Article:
Rian Johnson and Joseph Gordon-Levitt’s fruitful partnership has brought us some true cinematic gems over the years, whether it’s Brick or the equally mind-bending Looper, in which JGL plays a younger version of Bruce Willis.
So, it should come as no surprise that Johnson swung by JGL’s ten-episode podcast, Creative Processing, while promoting new whodunnit, Knives Out. It’s a truly star-studded affair, with big names like Daniel Craig, Chris Evans (Avengers: Endgame) and Halloween‘s Jamie Lee Curtis lining the cast sheet.
But when the conversation inevitably veered towards the Star Wars universe – and The Last Jedi, in particular – Rian Johnson reflected on some of the risks he took with Episode VIII, and why he believes TLJ pushed our favorite characters (see: Luke, Leia, Rey) toward places that were surprising, yes, but also “emotionally honest.”
I think the instant you start thinking in terms of how do you not step outside of the bounds of what the original movies did, you’re not thinking the way the people who made the original movies did. They were with every movie, they were pushing it forward, with every movie they were stepping outside those bounds and pushing the characters into new, emotionally honest, but surprising places. That’s why those movies are great. That’s why they’re alive. If they had been looking at something that came before it and saying, ‘Oh, we better not do this because that is outside of this or that,’ it would’ve been different.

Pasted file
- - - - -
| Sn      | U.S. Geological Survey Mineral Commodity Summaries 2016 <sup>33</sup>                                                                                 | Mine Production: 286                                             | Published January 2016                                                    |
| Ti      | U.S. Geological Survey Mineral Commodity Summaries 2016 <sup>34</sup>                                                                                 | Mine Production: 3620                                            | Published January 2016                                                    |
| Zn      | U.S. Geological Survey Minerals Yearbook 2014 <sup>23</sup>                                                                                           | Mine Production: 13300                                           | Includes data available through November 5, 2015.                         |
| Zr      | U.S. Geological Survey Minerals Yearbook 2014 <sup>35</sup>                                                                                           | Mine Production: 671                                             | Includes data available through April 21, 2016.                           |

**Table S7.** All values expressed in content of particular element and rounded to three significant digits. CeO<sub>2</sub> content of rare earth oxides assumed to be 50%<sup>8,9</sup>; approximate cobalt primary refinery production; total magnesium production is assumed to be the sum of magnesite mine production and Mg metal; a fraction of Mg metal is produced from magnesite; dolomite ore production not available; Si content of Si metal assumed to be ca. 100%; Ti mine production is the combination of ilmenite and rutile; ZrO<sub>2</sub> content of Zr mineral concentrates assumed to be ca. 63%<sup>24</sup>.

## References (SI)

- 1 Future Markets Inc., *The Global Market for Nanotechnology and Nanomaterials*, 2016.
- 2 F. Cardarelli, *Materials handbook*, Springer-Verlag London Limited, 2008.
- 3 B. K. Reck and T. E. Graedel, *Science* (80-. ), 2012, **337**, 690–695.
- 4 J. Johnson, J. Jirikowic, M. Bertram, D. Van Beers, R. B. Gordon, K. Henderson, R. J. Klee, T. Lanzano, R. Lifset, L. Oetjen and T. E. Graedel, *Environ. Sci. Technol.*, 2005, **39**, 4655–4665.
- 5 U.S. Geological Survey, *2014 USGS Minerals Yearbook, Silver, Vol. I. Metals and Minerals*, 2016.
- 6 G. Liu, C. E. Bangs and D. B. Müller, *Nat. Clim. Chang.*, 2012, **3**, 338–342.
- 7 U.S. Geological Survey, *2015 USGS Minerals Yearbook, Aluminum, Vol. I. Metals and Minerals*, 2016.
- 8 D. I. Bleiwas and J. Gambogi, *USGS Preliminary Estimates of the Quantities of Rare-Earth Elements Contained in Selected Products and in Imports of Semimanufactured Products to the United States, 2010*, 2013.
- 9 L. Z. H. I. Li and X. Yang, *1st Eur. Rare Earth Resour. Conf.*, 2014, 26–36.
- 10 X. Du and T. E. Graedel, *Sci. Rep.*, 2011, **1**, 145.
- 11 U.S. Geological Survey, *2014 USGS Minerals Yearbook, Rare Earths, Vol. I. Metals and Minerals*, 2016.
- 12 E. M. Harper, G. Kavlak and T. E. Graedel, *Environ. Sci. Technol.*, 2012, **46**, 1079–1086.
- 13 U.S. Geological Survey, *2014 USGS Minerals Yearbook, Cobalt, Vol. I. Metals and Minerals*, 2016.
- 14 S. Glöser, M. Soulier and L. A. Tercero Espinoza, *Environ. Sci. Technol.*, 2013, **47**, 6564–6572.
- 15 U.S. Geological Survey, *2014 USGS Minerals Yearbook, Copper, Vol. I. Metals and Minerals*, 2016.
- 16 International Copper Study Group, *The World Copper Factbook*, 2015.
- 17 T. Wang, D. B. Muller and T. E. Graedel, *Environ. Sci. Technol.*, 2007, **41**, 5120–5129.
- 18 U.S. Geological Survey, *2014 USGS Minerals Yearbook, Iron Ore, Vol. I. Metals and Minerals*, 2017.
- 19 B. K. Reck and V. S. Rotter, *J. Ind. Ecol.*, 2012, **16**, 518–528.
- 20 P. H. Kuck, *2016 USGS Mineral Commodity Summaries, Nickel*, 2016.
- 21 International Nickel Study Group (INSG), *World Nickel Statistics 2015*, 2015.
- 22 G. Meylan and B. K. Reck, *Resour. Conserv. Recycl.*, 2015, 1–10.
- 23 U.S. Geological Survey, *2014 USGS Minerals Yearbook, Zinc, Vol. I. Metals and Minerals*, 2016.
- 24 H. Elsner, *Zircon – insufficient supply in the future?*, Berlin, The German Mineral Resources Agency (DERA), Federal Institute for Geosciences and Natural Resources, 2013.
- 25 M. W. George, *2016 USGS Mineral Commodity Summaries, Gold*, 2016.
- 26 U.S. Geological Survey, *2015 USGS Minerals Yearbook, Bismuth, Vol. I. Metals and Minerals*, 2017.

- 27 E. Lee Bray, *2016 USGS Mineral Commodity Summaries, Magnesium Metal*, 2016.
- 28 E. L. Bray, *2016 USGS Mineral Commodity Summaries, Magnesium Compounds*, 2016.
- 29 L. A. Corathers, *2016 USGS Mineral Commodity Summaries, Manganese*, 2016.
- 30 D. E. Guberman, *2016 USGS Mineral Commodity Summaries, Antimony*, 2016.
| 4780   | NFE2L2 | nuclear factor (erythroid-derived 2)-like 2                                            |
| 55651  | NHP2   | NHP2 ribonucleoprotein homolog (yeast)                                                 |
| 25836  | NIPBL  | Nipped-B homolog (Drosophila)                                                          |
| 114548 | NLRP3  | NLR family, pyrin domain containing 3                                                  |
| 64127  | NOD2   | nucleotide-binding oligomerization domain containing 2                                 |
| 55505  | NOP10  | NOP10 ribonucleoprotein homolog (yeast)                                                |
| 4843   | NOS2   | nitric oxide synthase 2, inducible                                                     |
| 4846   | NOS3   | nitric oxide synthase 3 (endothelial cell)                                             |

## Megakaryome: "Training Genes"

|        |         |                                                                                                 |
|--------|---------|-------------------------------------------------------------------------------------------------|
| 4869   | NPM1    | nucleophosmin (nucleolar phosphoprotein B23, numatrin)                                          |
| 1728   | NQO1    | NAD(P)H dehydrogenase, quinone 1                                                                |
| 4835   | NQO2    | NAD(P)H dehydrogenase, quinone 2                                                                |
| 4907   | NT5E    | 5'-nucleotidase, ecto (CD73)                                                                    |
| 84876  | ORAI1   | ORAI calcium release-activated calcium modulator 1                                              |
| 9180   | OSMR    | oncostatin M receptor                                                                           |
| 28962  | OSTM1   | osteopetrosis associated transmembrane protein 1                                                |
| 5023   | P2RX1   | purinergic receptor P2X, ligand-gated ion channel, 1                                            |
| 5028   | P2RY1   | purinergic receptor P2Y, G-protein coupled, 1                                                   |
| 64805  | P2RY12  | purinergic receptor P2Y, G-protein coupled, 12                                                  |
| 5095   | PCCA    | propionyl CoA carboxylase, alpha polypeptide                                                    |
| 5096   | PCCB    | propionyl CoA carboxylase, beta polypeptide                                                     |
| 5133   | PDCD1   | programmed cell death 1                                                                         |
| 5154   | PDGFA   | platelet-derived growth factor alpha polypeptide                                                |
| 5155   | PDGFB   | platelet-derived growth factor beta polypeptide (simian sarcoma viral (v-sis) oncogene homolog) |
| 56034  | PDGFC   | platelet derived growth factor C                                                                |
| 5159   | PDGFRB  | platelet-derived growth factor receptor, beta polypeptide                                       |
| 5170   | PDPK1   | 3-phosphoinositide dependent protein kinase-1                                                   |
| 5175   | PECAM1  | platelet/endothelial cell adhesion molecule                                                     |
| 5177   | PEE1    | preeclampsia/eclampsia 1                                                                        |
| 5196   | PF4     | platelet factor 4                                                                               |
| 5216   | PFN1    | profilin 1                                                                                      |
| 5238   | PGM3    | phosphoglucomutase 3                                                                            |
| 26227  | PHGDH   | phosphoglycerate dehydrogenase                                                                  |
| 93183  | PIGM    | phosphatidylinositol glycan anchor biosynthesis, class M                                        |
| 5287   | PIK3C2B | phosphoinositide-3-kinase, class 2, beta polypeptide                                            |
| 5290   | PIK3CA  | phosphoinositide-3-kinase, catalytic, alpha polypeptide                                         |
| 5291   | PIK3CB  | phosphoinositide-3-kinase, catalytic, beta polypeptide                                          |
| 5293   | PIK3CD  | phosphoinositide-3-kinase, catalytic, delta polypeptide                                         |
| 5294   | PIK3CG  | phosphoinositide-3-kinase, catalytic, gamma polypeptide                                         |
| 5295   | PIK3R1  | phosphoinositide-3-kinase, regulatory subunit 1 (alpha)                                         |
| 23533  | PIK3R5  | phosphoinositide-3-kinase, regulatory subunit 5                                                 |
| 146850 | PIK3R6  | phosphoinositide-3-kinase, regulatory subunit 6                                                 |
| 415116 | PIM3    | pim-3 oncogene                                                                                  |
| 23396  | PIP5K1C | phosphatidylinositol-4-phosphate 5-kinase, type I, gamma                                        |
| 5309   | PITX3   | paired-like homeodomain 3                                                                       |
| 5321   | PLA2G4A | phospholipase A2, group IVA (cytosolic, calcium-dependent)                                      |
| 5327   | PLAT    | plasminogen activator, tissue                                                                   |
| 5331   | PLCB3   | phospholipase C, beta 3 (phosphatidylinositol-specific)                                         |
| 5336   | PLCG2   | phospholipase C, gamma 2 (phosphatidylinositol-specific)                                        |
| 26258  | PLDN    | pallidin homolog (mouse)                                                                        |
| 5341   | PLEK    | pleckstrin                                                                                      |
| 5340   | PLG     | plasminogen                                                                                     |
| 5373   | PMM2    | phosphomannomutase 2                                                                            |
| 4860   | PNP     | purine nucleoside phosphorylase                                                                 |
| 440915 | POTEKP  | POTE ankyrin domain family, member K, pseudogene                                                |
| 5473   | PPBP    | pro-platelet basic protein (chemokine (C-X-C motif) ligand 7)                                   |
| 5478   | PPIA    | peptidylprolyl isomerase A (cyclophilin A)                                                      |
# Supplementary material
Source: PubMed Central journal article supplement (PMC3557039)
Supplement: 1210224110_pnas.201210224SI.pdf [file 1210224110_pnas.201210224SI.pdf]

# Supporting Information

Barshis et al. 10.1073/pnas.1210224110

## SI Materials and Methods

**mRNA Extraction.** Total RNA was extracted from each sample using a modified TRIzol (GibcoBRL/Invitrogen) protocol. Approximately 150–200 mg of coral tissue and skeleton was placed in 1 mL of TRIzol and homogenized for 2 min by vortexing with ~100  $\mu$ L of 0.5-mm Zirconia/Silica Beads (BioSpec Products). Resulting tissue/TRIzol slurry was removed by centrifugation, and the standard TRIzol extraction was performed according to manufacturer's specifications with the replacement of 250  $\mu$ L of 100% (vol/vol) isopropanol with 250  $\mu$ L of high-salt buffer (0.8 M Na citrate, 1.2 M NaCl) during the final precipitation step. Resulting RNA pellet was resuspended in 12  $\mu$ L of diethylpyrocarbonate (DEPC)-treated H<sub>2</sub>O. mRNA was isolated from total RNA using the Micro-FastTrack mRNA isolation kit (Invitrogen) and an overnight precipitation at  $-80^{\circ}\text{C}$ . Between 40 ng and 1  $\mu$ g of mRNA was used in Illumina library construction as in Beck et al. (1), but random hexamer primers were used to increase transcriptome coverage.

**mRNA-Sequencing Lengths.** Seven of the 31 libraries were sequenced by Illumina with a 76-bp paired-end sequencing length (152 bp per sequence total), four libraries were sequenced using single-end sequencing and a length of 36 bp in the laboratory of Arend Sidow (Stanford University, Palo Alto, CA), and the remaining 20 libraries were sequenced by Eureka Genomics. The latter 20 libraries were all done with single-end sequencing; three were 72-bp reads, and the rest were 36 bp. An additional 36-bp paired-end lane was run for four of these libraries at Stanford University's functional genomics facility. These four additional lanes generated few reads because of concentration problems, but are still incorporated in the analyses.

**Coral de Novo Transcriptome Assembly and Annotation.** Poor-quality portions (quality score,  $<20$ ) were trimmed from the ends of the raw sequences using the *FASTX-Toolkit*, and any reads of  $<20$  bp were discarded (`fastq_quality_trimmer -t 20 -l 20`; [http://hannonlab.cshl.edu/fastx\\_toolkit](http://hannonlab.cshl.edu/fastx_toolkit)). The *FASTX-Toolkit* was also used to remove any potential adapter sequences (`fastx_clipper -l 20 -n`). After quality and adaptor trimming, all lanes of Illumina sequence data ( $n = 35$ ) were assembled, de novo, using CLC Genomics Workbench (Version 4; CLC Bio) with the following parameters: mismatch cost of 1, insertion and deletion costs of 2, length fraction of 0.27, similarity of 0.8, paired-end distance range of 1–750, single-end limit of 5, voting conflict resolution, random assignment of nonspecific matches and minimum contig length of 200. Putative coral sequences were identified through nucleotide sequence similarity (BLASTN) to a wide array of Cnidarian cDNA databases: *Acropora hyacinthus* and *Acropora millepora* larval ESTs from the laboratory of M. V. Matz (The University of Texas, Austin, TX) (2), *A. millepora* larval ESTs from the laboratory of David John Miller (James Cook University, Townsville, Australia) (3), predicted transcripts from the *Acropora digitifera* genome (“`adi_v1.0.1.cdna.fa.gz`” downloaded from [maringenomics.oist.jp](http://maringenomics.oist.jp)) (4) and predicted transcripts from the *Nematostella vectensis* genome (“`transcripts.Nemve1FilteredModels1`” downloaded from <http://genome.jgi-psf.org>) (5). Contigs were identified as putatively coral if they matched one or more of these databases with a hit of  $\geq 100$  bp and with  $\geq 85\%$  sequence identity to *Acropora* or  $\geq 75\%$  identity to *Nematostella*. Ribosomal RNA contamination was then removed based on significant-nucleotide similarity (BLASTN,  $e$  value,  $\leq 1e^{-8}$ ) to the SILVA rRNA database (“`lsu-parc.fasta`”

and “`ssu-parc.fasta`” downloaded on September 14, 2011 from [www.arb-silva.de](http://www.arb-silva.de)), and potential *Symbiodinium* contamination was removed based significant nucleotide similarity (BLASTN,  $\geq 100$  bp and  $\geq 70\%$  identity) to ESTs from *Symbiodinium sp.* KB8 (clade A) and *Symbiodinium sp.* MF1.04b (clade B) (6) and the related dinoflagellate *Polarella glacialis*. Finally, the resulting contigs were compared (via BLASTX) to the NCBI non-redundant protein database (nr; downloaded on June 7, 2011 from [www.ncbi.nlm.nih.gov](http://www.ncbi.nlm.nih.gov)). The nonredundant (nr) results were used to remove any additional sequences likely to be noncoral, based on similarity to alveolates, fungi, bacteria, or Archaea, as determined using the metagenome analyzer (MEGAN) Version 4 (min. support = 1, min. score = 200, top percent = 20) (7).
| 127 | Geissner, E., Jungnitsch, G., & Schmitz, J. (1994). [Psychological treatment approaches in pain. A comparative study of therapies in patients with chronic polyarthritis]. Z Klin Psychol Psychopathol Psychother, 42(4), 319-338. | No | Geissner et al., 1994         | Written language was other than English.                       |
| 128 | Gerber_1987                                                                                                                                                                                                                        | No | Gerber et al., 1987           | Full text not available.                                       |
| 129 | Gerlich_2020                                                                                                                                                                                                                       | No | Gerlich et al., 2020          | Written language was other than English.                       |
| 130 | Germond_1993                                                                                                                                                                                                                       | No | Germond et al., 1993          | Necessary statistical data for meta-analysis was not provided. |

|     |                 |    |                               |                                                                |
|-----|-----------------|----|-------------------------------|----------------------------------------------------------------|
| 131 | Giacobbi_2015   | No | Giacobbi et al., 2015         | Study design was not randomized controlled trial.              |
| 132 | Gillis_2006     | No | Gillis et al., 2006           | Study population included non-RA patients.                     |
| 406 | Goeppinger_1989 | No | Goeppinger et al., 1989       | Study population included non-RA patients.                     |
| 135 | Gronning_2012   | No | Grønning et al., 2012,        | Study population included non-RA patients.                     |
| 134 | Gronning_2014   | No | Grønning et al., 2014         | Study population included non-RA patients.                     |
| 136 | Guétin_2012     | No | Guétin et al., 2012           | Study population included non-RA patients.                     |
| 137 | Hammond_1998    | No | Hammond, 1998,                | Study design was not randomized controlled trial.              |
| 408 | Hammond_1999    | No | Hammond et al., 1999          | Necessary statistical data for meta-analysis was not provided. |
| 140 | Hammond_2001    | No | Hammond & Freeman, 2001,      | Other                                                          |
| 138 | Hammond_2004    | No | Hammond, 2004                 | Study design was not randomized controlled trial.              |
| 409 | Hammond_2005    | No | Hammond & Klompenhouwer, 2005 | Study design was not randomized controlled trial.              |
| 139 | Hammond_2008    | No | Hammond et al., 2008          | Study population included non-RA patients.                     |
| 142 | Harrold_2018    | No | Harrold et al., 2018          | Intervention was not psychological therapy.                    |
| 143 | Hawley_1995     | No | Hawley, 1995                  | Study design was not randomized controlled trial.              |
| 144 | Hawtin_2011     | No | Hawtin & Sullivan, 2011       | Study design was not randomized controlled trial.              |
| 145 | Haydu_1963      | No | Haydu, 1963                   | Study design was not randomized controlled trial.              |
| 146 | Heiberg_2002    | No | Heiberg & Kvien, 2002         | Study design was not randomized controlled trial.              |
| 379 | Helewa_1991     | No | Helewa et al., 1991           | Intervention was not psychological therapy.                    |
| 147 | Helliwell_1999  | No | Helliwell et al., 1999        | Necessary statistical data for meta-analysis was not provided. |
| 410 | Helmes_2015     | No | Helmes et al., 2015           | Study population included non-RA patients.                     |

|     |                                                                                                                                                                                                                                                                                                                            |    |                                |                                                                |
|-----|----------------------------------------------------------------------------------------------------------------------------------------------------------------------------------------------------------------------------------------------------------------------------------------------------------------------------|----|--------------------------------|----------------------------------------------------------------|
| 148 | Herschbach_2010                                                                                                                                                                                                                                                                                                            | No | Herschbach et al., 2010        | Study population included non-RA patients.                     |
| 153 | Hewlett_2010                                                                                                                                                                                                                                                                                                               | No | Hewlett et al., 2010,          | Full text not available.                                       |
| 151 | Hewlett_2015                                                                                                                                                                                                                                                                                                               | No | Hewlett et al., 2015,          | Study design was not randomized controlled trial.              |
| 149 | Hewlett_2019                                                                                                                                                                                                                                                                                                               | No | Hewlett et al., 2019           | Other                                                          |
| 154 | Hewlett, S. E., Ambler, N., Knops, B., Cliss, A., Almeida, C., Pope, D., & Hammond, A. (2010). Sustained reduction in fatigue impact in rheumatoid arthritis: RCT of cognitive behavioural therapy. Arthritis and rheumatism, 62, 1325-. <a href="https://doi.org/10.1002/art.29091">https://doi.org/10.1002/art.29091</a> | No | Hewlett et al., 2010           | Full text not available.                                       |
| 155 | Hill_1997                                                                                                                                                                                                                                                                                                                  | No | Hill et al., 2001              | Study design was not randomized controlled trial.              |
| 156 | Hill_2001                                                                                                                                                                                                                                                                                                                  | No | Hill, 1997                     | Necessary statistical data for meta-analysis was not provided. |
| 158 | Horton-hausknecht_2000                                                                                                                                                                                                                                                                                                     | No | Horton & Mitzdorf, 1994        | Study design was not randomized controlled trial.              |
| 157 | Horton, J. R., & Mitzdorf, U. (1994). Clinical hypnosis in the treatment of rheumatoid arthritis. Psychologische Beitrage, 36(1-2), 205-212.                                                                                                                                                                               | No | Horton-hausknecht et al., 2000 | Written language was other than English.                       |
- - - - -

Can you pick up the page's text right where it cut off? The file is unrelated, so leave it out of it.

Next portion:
Johnson’s callback to the Original Trilogy is a pertinent one: when the likes of A New Hope and Empire Strikes Back were lighting up cinema screens all over the globe, they were very much blazing a path of their own, unbeholden to the warped sense of fandom we see today.
It’s an attitude that Rian Johnson will no doubt carry over into his all-new Star Wars trilogy at Lucasfilm, which will presumably help expand that famous, far-away galaxy beyond December 2019 – the month in which the Skywalker Saga is set to conclude with the aptly-titled The Rise of Skywalker. Taking over directing duties from Johnson (and Colin Trevorrow, who bowed out of Episode IX due to creative differences), is J.J. Abrams. Look for that one to touch down on December 20th.